Paper short abstract:
The paper is based on ethnographical case studies among religious (Eastern Christian) charities in eastern Hungary and northern Greece. It investigates the relation between charity and salvation within the Byzantine tradition. For a long time, institutionalised charity was not considered as a way to salvation in the Eastern Christian Churches. This has changed in the last decade, mostly in urban areas where the fieldwork was conducted.
Paper long abstract:
This paper focuses on faith-based charities in the Eastern Churches. My ethnographical case studies are Paraklisz, a Greek Catholic detoxification centre in Hungary, and Allilevigui, an NGO led by the Greek Orthodox Church. I put the accent on the social doctrine of the Eastern Churches rather than on the Church-State relations. The study of Nationalism within Eastern Churches in South East Europe is indeed of crucial importance, as it appeared during the wars in the former Yugoslavia and the debates over the identity card or the European Constitution. However, it has been over-emphasized during the last decade, and therefore somehow neglected other fundamental socio-historical aspects of religious life. The crucial role played by religious actors, besides traditional state-provided resources, in providing forms of social security, is indeed getting more and more acknowledged both by policy makers and scholars. However, few researches have been undertaken about faith-based charities in Central and Eastern Europe. This apparent lack of interest is partly related to the fact that charity as an institutional activity was much less developed in the Eastern tradition. This relative lack can be explained by three set of reasons: geo-political factors, the role of the Eastern Churches itself (in terms of salvation and morality), and community-based organization of the society. Nevertheless, in the most recent years, significant forms of a structured Eastern non-profit sector have developed. Labeled as the Diakonia, the doctrine of Eastern charity is growing. Organizations such as International Orthodox Christian Charities, and Ortaid (led by the Finnish Orthodox Church) are developing charitable activities in Europe, but also all over the world. Do Eastern charities promote a specific set of values connected with Orthodox morality? How do they interrelate with other European faith-based institutions? Are charitable activities a way to salvation, like in other Christian traditions? These are few of the questions I am interested in.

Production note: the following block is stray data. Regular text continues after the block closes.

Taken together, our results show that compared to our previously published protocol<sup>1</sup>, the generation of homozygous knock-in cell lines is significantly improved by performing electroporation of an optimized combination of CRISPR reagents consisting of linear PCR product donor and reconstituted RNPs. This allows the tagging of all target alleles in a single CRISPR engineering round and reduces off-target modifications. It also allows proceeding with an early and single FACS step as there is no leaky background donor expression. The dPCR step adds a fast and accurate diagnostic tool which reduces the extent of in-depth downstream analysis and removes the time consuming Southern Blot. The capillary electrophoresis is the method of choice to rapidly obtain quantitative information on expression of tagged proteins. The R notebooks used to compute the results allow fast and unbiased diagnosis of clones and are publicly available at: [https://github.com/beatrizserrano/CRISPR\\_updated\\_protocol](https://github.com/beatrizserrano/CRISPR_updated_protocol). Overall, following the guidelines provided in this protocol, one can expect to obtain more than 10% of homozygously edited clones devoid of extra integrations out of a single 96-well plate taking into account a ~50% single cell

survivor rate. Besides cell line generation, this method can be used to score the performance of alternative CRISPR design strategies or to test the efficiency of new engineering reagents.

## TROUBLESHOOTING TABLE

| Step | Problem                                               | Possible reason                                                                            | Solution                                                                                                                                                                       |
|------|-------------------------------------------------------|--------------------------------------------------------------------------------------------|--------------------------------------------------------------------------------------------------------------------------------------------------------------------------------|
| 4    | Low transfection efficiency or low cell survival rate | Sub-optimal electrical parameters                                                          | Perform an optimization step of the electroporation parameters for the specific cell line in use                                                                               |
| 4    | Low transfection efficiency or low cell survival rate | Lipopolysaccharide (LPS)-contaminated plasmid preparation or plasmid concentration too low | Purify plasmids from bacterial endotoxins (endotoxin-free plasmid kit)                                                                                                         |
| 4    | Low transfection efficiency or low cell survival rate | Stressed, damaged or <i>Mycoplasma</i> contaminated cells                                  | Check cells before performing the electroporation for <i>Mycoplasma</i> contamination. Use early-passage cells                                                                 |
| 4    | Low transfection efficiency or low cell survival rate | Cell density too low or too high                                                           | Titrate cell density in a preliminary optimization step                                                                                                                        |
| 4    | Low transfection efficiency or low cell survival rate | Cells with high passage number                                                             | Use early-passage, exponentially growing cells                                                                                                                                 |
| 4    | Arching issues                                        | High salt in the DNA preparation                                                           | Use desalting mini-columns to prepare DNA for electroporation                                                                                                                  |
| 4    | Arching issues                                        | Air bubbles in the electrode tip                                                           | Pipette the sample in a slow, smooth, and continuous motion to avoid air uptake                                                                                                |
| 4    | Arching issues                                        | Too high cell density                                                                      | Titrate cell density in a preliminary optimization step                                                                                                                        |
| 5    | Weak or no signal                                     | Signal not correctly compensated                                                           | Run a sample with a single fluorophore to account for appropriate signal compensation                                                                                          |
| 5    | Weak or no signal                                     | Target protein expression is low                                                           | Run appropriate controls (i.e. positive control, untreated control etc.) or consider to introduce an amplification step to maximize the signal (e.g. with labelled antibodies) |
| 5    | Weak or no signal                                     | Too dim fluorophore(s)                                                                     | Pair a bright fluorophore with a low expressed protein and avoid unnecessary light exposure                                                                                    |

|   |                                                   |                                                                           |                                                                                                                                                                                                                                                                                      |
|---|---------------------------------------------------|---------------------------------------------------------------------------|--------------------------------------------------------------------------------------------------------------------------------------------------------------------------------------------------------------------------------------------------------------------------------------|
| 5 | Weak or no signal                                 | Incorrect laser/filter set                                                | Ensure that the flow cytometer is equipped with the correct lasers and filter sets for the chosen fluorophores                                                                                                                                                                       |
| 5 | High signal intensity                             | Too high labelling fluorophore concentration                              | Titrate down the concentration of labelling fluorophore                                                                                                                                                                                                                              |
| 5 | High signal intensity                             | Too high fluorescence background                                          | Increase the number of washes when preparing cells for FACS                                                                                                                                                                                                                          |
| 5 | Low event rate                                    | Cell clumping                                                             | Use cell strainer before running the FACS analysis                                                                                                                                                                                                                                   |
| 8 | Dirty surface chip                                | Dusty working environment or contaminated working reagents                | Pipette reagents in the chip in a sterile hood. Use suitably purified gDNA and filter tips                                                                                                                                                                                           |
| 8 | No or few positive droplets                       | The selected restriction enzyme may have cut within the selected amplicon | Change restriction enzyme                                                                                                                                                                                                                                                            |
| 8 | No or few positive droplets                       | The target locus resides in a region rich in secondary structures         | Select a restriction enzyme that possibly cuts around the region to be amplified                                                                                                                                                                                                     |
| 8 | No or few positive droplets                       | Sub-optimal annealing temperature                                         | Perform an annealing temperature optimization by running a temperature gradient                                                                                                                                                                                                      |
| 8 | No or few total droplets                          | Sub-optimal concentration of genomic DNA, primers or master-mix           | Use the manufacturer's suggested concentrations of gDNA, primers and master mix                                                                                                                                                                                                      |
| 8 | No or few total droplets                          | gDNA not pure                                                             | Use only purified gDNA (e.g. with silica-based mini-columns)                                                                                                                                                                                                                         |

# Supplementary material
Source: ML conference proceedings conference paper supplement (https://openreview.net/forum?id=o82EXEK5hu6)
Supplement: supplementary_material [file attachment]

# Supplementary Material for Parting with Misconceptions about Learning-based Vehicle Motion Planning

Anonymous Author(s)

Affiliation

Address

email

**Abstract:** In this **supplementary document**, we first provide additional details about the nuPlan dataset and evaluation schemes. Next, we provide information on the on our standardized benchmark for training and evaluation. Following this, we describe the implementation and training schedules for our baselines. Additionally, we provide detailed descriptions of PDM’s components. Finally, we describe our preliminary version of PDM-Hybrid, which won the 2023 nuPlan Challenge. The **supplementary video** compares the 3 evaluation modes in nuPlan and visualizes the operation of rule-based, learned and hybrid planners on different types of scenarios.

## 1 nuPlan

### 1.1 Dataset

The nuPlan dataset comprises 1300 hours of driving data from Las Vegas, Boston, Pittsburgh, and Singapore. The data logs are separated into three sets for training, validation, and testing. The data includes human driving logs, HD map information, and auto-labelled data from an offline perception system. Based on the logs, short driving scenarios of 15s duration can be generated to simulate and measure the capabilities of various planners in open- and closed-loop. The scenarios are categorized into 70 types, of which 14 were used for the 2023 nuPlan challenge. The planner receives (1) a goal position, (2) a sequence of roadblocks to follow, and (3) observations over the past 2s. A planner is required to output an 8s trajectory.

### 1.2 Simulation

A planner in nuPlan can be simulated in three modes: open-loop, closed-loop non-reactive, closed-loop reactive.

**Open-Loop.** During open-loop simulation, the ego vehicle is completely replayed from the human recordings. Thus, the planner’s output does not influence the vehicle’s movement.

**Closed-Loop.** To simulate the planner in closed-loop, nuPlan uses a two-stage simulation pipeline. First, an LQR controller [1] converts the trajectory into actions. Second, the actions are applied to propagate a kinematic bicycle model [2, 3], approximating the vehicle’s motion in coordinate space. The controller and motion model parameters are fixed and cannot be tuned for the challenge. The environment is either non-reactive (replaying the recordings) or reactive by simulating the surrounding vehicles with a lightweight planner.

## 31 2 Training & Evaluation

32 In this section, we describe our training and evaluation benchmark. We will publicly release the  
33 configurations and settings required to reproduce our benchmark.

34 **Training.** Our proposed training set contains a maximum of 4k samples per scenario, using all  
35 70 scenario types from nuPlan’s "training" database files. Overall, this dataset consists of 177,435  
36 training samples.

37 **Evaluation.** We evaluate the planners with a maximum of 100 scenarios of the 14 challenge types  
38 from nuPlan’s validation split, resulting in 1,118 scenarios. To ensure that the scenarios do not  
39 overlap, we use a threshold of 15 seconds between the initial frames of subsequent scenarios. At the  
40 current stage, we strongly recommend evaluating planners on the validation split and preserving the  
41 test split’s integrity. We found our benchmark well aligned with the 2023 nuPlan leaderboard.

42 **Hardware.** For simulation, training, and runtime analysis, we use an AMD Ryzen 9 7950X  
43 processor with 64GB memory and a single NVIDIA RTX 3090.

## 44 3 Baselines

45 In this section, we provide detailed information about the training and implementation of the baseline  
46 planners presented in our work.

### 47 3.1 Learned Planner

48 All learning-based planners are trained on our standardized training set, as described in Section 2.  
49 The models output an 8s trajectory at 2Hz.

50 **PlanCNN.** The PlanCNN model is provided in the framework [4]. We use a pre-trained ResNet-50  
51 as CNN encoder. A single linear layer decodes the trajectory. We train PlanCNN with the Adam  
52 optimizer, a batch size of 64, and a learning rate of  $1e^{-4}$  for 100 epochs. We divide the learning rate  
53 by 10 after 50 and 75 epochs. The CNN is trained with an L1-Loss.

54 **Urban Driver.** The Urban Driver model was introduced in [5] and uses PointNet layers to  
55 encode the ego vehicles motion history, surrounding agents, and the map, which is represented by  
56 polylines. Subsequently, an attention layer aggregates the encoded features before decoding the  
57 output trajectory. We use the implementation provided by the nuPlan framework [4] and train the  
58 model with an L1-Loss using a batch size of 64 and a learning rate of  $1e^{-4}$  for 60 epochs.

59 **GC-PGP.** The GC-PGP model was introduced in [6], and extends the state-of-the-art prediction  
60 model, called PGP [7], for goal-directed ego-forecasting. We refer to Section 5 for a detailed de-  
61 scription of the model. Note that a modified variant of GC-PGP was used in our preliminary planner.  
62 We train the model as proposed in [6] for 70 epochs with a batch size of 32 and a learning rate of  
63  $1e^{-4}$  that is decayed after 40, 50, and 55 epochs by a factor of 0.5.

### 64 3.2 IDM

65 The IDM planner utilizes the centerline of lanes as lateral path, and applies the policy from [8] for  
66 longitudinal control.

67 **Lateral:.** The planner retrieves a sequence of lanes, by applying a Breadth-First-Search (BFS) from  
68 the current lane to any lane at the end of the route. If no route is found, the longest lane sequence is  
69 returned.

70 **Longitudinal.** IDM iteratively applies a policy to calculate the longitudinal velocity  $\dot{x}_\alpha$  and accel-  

New perspectives on 'European' Christianity